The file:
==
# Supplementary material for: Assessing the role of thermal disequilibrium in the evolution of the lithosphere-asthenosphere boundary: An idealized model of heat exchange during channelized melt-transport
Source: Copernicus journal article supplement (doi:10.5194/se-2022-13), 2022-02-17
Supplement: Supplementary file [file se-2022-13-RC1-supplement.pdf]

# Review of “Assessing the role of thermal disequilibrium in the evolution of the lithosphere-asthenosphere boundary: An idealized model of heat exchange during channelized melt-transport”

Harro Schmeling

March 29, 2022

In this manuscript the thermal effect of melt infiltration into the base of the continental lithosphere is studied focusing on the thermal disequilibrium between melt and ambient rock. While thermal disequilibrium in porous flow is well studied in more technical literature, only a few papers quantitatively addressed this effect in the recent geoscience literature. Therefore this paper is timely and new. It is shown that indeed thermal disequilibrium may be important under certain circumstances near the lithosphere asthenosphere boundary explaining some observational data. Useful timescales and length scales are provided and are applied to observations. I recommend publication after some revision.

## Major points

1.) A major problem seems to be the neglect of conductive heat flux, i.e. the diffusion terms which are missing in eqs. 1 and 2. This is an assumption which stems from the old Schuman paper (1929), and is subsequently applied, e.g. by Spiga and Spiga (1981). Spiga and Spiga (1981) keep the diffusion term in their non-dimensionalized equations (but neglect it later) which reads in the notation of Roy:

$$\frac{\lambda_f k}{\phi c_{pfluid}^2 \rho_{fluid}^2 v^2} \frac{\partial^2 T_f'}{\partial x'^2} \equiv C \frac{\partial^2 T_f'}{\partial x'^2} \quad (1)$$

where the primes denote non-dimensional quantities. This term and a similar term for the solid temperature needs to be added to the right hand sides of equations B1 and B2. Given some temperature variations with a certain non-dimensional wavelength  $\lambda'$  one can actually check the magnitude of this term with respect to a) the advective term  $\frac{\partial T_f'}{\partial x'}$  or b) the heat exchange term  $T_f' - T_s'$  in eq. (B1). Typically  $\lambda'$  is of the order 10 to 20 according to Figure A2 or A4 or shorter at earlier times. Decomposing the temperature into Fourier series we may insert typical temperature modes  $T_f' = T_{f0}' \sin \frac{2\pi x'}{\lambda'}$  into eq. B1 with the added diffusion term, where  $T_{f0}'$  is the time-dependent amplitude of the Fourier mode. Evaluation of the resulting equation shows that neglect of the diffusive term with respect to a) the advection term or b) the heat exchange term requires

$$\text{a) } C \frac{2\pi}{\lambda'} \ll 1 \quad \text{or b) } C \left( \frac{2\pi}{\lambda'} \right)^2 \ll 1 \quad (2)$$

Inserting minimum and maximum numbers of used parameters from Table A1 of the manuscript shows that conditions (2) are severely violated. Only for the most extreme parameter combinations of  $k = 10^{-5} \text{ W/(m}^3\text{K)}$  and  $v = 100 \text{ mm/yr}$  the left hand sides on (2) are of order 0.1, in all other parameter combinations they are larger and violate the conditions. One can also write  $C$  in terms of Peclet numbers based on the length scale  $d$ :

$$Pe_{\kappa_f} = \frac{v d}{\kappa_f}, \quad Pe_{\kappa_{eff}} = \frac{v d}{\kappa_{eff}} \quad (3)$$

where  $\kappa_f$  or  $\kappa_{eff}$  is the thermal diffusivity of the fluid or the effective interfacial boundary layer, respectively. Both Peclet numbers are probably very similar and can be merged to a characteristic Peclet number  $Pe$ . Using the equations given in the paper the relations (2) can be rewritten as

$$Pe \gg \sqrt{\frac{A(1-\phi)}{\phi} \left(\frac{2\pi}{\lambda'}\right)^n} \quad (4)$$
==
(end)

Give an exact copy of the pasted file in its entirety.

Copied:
# Supplementary material for: Assessing the role of thermal disequilibrium in the evolution of the lithosphere-asthenosphere boundary: An idealized model of heat exchange during channelized melt-transport
Source: Copernicus journal article supplement (doi:10.5194/se-2022-13), 2022-02-17
Supplement: Supplementary file [file se-2022-13-RC1-supplement.pdf]

# Review of “Assessing the role of thermal disequilibrium in the evolution of the lithosphere-asthenosphere boundary: An idealized model of heat exchange during channelized melt-transport”

Harro Schmeling

March 29, 2022

In this manuscript the thermal effect of melt infiltration into the base of the continental lithosphere is studied focusing on the thermal disequilibrium between melt and ambient rock. While thermal disequilibrium in porous flow is well studied in more technical literature, only a few papers quantitatively addressed this effect in the recent geoscience literature. Therefore this paper is timely and new. It is shown that indeed thermal disequilibrium may be important under certain circumstances near the lithosphere asthenosphere boundary explaining some observational data. Useful timescales and length scales are provided and are applied to observations. I recommend publication after some revision.

## Major points

1.) A major problem seems to be the neglect of conductive heat flux, i.e. the diffusion terms which are missing in eqs. 1 and 2. This is an assumption which stems from the old Schuman paper (1929), and is subsequently applied, e.g. by Spiga and Spiga (1981). Spiga and Spiga (1981) keep the diffusion term in their non-dimensionalized equations (but neglect it later) which reads in the notation of Roy:

$$\frac{\lambda_f k}{\phi c_{pfluid}^2 \rho_{fluid}^2 v^2} \frac{\partial^2 T_f'}{\partial x'^2} \equiv C \frac{\partial^2 T_f'}{\partial x'^2} \quad (1)$$

where the primes denote non-dimensional quantities. This term and a similar term for the solid temperature needs to be added to the right hand sides of equations B1 and B2. Given some temperature variations with a certain non-dimensional wavelength  $\lambda'$  one can actually check the magnitude of this term with respect to a) the advective term  $\frac{\partial T_f'}{\partial x'}$  or b) the heat exchange term  $T_f' - T_s'$  in eq. (B1). Typically  $\lambda'$  is of the order 10 to 20 according to Figure A2 or A4 or shorter at earlier times. Decomposing the temperature into Fourier series we may insert typical temperature modes  $T_f' = T_{f0}' \sin \frac{2\pi x'}{\lambda'}$  into eq. B1 with the added diffusion term, where  $T_{f0}'$  is the time-dependent amplitude of the Fourier mode. Evaluation of the resulting equation shows that neglect of the diffusive term with respect to a) the advection term or b) the heat exchange term requires

$$\text{a) } C \frac{2\pi}{\lambda'} \ll 1 \quad \text{or b) } C \left( \frac{2\pi}{\lambda'} \right)^2 \ll 1 \quad (2)$$

Inserting minimum and maximum numbers of used parameters from Table A1 of the manuscript shows that conditions (2) are severely violated. Only for the most extreme parameter combinations of  $k = 10^{-5} \text{ W/(m}^3\text{K)}$  and  $v = 100 \text{ mm/yr}$  the left hand sides on (2) are of order 0.1, in all other parameter combinations they are larger and violate the conditions. One can also write  $C$  in terms of Peclet numbers based on the length scale  $d$ :

$$Pe_{\kappa_f} = \frac{v d}{\kappa_f}, \quad Pe_{\kappa_{eff}} = \frac{v d}{\kappa_{eff}} \quad (3)$$

where  $\kappa_f$  or  $\kappa_{eff}$  is the thermal diffusivity of the fluid or the effective interfacial boundary layer, respectively. Both Peclet numbers are probably very similar and can be merged to a characteristic Peclet number  $Pe$ . Using the equations given in the paper the relations (2) can be rewritten as

$$Pe \gg \sqrt{\frac{A(1-\phi)}{\phi} \left(\frac{2\pi}{\lambda'}\right)^n} \quad (4)$$